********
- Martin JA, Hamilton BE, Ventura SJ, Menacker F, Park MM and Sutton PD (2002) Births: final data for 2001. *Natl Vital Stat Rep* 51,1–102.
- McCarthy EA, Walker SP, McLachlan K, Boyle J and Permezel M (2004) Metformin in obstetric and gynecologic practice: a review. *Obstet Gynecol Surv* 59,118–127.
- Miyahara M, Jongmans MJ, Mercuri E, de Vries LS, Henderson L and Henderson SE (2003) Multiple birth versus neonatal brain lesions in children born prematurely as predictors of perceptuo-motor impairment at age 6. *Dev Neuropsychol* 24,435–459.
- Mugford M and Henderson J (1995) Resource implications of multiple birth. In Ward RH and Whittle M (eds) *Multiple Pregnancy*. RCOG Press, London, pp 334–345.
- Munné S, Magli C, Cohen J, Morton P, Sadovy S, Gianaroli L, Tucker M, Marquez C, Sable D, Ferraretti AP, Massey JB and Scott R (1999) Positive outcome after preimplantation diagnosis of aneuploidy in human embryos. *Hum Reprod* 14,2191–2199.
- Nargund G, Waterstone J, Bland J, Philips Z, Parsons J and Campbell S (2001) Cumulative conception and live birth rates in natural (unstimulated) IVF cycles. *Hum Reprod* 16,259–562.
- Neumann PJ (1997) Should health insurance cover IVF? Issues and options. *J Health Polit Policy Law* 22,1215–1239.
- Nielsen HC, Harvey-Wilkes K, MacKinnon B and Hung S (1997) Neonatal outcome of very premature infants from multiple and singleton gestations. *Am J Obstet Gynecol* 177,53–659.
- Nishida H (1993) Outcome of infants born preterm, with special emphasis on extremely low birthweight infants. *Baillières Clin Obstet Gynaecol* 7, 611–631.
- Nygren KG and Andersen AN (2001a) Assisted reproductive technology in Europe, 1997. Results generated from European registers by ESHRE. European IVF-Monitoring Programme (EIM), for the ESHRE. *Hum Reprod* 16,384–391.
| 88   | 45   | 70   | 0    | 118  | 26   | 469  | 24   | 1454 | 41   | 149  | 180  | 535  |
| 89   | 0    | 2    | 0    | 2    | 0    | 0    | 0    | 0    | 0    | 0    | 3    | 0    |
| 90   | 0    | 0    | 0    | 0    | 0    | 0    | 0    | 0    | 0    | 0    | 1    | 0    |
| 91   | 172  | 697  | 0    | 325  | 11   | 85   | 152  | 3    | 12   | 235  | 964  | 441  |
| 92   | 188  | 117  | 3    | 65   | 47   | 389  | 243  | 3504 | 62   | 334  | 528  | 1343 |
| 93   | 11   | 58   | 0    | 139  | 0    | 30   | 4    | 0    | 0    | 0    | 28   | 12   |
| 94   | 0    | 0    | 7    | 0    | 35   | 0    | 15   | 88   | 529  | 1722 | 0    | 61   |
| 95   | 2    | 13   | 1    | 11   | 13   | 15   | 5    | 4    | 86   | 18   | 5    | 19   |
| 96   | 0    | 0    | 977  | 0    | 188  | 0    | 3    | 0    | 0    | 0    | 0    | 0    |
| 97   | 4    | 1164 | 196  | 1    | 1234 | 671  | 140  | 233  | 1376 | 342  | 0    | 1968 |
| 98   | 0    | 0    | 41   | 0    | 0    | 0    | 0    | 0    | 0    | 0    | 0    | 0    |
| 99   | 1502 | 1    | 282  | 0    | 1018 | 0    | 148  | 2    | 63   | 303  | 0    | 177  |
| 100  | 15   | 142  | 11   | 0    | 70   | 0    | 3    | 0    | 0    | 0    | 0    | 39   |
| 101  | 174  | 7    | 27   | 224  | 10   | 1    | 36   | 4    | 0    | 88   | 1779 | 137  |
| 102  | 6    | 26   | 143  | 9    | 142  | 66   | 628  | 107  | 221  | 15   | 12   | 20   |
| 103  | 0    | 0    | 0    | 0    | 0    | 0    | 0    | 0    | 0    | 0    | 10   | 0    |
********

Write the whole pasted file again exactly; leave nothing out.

- Martin JA, Hamilton BE, Ventura SJ, Menacker F, Park MM and Sutton PD (2002) Births: final data for 2001. *Natl Vital Stat Rep* 51,1–102.
- McCarthy EA, Walker SP, McLachlan K, Boyle J and Permezel M (2004) Metformin in obstetric and gynecologic practice: a review. *Obstet Gynecol Surv* 59,118–127.
- Miyahara M, Jongmans MJ, Mercuri E, de Vries LS, Henderson L and Henderson SE (2003) Multiple birth versus neonatal brain lesions in children born prematurely as predictors of perceptuo-motor impairment at age 6. *Dev Neuropsychol* 24,435–459.
- Mugford M and Henderson J (1995) Resource implications of multiple birth. In Ward RH and Whittle M (eds) *Multiple Pregnancy*. RCOG Press, London, pp 334–345.
- Munné S, Magli C, Cohen J, Morton P, Sadovy S, Gianaroli L, Tucker M, Marquez C, Sable D, Ferraretti AP, Massey JB and Scott R (1999) Positive outcome after preimplantation diagnosis of aneuploidy in human embryos. *Hum Reprod* 14,2191–2199.
- Nargund G, Waterstone J, Bland J, Philips Z, Parsons J and Campbell S (2001) Cumulative conception and live birth rates in natural (unstimulated) IVF cycles. *Hum Reprod* 16,259–562.
- Neumann PJ (1997) Should health insurance cover IVF? Issues and options. *J Health Polit Policy Law* 22,1215–1239.
- Nielsen HC, Harvey-Wilkes K, MacKinnon B and Hung S (1997) Neonatal outcome of very premature infants from multiple and singleton gestations. *Am J Obstet Gynecol* 177,53–659.
- Nishida H (1993) Outcome of infants born preterm, with special emphasis on extremely low birthweight infants. *Baillières Clin Obstet Gynaecol* 7, 611–631.
- Nygren KG and Andersen AN (2001a) Assisted reproductive technology in Europe, 1997. Results generated from European registers by ESHRE. European IVF-Monitoring Programme (EIM), for the ESHRE. *Hum Reprod* 16,384–391.
| 88   | 45   | 70   | 0    | 118  | 26   | 469  | 24   | 1454 | 41   | 149  | 180  | 535  |
| 89   | 0    | 2    | 0    | 2    | 0    | 0    | 0    | 0    | 0    | 0    | 3    | 0    |
| 90   | 0    | 0    | 0    | 0    | 0    | 0    | 0    | 0    | 0    | 0    | 1    | 0    |
| 91   | 172  | 697  | 0    | 325  | 11   | 85   | 152  | 3    | 12   | 235  | 964  | 441  |
| 92   | 188  | 117  | 3    | 65   | 47   | 389  | 243  | 3504 | 62   | 334  | 528  | 1343 |
| 93   | 11   | 58   | 0    | 139  | 0    | 30   | 4    | 0    | 0    | 0    | 28   | 12   |
| 94   | 0    | 0    | 7    | 0    | 35   | 0    | 15   | 88   | 529  | 1722 | 0    | 61   |
| 95   | 2    | 13   | 1    | 11   | 13   | 15   | 5    | 4    | 86   | 18   | 5    | 19   |
| 96   | 0    | 0    | 977  | 0    | 188  | 0    | 3    | 0    | 0    | 0    | 0    | 0    |
| 97   | 4    | 1164 | 196  | 1    | 1234 | 671  | 140  | 233  | 1376 | 342  | 0    | 1968 |
| 98   | 0    | 0    | 41   | 0    | 0    | 0    | 0    | 0    | 0    | 0    | 0    | 0    |
| 99   | 1502 | 1    | 282  | 0    | 1018 | 0    | 148  | 2    | 63   | 303  | 0    | 177  |
| 100  | 15   | 142  | 11   | 0    | 70   | 0    | 3    | 0    | 0    | 0    | 0    | 39   |
| 101  | 174  | 7    | 27   | 224  | 10   | 1    | 36   | 4    | 0    | 88   | 1779 | 137  |
| 102  | 6    | 26   | 143  | 9    | 142  | 66   | 628  | 107  | 221  | 15   | 12   | 20   |
| 103  | 0    | 0    | 0    | 0    | 0    | 0    | 0    | 0    | 0    | 0    | 10   | 0    |